Did Obama “secretly” cut aid to Egypt?
posted at 8:41 am on August 20, 2013 by Ed Morrissey
After weeks of enduring criticism over continued aid to Egypt, did Barack Obama have it frozen all along? According to an exclusive from The Daily Beast’s Josh Rogin, aid to Egypt stopped being transmitted shortly after the coup, but it’s not exactly overdue either:
The U.S. government has decided privately to act as if the military takeover of Egypt was a coup, temporarily suspending most forms of military aid, despite deciding not to announce publicly a coup determination one way or the other, according to a leading U.S. senator.
In the latest example of its poorly understood Egypt policy, the Obama administration has decided to temporarily suspend the disbursement of most direct military aid, the delivery of weapons to the Egyptian military, and some forms of economic aid to the Egyptian government while it conducts a broad review of the relationship. The administration won’t publicly acknowledge all aspects of the aid suspension and maintains its rhetorical line that no official coup determination has been made, but behind the scenes, extensive measures to treat the military takeover of Egypt last month as a coup are being implemented on a temporary basis.
The office of Sen. Patrick Leahy (D-VT), the head of the appropriations state and foreign-operations subcommittee, told The Daily Beast on Monday that military aid to Egypt has been temporarily cut off.
Leahy’s “understanding is that aid to the Egyptian military has been halted, as required by law,” said David Carle, a spokesman for Leahy.
Technically, though, it’s not cut off so much as it is not in transit. The next installment of cash isn’t due until the end of September. Until then, the $585 million will sit in American accounts, pending the administration’s determination.
So far, they have avoided making any determination, however. The White House has decided to refrain from calling the July 3 takeover by the military a coup, but act as though it was by preventing (temporarily, at least) the transmission of aid. The only analogy that comes to mind here is not eating your cake and then not having it, too. It’s the refusal to publicly acknowledge the obvious about the coup that has damaged American credibility, and the only reason for that policy to exist is to continue aid to the military so that the treaty with Israel is safeguarded. Only now we discover that we’re cutting off aid anyway … which means we get to alienate everyone.
This must be the smart power about which we hear so much. The only good reason to talk about this is as a warning to Egypt’s new military government that the White House is serious about cutting off aid. Calling a coup a coup works pretty well, too, and would certainly clarify matters, too.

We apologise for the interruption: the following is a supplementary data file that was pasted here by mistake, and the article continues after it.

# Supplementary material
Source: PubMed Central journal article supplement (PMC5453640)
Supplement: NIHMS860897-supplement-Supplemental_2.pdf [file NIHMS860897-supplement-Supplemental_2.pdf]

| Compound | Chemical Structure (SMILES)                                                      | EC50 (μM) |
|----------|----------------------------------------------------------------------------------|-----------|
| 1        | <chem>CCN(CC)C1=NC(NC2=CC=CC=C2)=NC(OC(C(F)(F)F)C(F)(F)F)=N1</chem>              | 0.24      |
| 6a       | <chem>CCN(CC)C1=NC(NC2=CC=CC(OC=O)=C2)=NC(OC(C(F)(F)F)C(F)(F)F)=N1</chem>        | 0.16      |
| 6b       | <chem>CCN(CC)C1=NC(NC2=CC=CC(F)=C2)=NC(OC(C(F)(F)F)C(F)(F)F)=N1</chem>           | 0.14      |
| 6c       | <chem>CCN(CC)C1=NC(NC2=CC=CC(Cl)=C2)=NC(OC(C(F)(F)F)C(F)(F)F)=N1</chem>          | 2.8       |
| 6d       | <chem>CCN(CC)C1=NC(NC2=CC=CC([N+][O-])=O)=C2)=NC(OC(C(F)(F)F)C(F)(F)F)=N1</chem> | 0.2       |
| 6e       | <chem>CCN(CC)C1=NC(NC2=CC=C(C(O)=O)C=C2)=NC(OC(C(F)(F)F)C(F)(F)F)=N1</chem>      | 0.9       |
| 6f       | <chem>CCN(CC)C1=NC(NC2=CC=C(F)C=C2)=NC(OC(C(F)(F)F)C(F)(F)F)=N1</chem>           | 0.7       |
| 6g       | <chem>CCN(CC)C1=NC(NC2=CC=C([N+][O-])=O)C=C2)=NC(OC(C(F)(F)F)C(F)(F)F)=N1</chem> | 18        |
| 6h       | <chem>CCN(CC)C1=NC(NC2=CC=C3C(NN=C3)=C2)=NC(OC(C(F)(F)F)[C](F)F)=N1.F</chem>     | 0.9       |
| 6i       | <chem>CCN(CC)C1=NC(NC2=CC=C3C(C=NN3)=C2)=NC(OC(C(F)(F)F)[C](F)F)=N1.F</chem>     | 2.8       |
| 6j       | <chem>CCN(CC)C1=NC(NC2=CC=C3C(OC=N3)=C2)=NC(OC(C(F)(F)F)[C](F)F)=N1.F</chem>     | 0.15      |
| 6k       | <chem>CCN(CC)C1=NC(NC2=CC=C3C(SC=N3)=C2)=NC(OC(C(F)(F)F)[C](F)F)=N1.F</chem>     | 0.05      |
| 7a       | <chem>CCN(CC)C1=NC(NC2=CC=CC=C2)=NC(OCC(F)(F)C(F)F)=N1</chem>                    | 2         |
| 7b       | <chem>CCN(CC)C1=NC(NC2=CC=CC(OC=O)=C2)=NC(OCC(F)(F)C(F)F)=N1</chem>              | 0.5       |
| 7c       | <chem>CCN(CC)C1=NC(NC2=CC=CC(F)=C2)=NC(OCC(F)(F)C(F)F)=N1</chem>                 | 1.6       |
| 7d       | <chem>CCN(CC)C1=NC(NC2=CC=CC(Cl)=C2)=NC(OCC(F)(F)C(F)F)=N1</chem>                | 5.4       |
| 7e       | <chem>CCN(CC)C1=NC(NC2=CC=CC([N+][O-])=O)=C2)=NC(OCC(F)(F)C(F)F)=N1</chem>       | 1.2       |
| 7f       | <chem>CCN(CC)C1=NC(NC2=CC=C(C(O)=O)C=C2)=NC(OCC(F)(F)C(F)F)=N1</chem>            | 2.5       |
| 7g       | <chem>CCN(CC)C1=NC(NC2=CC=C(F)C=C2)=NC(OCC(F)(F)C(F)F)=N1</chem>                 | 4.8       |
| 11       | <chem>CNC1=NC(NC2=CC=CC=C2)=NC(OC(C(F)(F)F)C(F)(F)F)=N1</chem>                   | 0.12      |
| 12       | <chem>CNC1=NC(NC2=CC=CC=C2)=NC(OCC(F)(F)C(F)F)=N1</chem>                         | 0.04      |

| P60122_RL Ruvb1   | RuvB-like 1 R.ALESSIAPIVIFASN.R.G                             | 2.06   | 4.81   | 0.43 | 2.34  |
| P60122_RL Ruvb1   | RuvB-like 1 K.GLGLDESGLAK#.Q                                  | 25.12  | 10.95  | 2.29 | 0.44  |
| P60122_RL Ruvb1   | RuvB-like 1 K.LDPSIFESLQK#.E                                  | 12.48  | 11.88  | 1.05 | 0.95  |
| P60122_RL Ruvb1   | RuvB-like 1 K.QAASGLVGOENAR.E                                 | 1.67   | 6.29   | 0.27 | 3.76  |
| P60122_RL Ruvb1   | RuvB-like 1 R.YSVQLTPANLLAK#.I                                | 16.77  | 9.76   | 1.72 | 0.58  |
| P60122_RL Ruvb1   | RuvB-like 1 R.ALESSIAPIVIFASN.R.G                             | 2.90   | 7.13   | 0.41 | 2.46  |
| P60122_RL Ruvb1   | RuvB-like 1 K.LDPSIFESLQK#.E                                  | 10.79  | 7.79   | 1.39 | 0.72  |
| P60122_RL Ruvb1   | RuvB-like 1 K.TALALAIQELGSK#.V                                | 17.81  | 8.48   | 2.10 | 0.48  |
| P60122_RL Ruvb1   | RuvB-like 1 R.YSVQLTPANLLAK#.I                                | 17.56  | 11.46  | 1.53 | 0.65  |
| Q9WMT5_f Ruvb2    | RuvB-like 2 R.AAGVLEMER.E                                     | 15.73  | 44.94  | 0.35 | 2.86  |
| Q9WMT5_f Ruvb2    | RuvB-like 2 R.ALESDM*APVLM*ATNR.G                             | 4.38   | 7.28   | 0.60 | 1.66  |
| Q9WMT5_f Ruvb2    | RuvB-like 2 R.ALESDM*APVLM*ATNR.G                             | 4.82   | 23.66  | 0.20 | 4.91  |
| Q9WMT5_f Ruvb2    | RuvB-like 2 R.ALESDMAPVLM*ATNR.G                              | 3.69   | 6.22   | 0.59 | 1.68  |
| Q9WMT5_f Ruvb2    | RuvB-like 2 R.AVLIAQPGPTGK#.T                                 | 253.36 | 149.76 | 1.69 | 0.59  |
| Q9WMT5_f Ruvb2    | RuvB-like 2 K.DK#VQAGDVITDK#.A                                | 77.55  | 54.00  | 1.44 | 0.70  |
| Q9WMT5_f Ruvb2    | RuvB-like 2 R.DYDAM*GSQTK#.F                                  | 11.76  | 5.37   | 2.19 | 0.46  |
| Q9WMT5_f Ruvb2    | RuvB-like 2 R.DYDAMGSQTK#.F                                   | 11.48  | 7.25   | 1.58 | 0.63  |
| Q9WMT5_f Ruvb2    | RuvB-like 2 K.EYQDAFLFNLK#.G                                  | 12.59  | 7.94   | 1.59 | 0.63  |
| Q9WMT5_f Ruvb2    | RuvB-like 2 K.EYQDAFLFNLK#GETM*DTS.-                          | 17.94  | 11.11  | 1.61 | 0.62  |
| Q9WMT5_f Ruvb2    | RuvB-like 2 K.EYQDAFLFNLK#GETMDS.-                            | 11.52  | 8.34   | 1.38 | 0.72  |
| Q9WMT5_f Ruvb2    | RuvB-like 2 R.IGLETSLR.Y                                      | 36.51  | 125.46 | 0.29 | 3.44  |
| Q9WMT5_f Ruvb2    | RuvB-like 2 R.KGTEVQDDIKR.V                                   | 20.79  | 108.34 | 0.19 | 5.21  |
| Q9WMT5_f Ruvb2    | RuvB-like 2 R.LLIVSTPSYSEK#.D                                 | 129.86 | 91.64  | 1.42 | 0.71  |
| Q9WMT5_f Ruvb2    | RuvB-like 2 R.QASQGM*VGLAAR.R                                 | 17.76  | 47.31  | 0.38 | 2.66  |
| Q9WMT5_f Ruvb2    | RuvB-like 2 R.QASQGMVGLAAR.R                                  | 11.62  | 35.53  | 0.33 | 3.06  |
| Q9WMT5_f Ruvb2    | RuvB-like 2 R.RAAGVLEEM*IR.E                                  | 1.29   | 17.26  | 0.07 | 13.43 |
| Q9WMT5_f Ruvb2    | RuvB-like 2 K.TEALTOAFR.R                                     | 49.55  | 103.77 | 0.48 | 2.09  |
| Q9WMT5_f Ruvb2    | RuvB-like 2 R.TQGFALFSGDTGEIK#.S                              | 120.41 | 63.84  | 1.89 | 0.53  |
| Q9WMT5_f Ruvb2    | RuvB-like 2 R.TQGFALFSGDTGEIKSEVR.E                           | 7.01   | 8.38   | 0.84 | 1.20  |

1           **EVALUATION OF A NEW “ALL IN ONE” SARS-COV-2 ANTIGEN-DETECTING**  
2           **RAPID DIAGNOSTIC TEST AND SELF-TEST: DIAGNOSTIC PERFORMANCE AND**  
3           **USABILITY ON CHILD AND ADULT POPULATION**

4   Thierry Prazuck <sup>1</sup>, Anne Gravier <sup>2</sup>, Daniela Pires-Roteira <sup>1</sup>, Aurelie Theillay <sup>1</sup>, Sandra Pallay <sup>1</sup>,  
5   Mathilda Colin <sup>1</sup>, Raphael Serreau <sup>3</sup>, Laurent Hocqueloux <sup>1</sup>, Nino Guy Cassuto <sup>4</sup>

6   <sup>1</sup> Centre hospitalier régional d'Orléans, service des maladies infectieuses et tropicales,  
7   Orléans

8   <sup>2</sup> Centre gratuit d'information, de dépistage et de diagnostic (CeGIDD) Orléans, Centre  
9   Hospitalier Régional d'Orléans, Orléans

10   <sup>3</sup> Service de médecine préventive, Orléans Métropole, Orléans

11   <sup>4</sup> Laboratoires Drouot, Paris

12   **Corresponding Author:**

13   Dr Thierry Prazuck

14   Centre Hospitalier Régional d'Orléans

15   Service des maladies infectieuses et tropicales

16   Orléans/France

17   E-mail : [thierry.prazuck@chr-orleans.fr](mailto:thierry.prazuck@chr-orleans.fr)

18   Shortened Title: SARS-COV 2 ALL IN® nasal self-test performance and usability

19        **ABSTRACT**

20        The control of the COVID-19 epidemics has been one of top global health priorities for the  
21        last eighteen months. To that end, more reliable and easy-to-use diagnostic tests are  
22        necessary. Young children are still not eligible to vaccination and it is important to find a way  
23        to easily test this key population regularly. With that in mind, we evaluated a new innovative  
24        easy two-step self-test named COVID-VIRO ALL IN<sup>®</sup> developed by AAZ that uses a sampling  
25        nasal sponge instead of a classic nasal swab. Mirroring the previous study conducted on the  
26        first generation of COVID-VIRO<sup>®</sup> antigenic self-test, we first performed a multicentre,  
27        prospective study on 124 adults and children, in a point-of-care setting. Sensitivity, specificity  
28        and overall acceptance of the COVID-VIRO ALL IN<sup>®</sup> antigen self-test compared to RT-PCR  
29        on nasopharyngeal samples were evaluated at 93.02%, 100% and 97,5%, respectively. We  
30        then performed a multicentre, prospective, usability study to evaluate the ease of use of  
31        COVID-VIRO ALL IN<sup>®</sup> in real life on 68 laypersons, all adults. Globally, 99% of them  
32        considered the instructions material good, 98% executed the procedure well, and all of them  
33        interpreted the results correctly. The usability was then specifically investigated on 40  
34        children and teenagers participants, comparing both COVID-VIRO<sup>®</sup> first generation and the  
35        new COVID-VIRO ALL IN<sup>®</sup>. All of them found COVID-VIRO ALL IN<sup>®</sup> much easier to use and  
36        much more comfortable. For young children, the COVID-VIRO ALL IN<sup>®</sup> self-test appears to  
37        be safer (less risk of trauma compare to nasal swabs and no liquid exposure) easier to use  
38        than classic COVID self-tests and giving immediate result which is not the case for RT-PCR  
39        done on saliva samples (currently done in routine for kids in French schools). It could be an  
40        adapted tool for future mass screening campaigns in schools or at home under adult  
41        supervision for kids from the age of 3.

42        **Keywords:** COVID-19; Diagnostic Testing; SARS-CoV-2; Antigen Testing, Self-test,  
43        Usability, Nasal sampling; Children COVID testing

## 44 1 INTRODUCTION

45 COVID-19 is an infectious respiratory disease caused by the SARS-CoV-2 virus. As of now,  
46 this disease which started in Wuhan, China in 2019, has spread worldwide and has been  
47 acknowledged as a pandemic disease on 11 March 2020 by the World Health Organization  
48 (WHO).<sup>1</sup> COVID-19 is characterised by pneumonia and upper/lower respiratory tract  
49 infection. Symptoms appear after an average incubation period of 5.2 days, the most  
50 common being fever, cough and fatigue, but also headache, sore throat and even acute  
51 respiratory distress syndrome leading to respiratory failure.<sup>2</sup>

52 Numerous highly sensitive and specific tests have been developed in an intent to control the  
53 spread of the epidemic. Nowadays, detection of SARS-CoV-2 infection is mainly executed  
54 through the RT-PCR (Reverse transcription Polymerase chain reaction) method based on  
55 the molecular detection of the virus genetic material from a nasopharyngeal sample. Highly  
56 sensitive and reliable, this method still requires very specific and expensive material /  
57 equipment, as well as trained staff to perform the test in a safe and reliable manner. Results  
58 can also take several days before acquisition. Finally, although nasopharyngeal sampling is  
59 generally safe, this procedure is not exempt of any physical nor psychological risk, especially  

Is Egypt’s interim government getting the message? How is the coup that’s not a coup but we’re treating it like a coup because hopenchange going anyway? Military leader General Abdel Fatah al-Sissi insisted yesterday that the nation had enough room for the Muslim Brotherhood and Islamists. The army then hauled off Mohammed Badie, the spiritual leader of the Muslim Brotherhood:
Security forces arrested the spiritual leader of the Muslim Brotherhood on Monday night, in an escalating showdown with the influential Islamist movement that has led to the ouster of Egypt’s first democratically elected president and some of the bloodiest urban violence in its modern history.
Mohammed Badie, a white-bearded professor, was shown on state television being whisked away to prison in a car, sitting next to a security officer in a bulletproof vest. His arrest, as well as those of other Muslim Brotherhood leaders, had been ordered after last month’s coup.
Badie’s detention was the latest in a rapidly unfolding series of events that seemed certain to outrage beleaguered Brotherhood supporters and intensify the crisis in the Arab world’s most populous nation.
The timing is certainly … interesting:
Earlier Monday, an Egyptian court granted bond to the country’s former autocratic ruler, Hosni Mubarak, raising the prospect that he could be released from jail within days. Mubarak, 85, has been in poor health, and he still faces a host of legal problems, including a new trial related to the deaths of protesters in the 2011 revolt that ended his three-decade rule as president.
But his release would heighten suspicions that his former military-backed regime has returned to power after the armed forces deposed Mohamed Morsi, the Islamist president, on July 3.
Don’t expect Egyptians to draw any other conclusions from this juxtaposition, either. On the other hand, as McClatchy reports, maybe they won’t mind after watching the Muslim Brotherhood in power.
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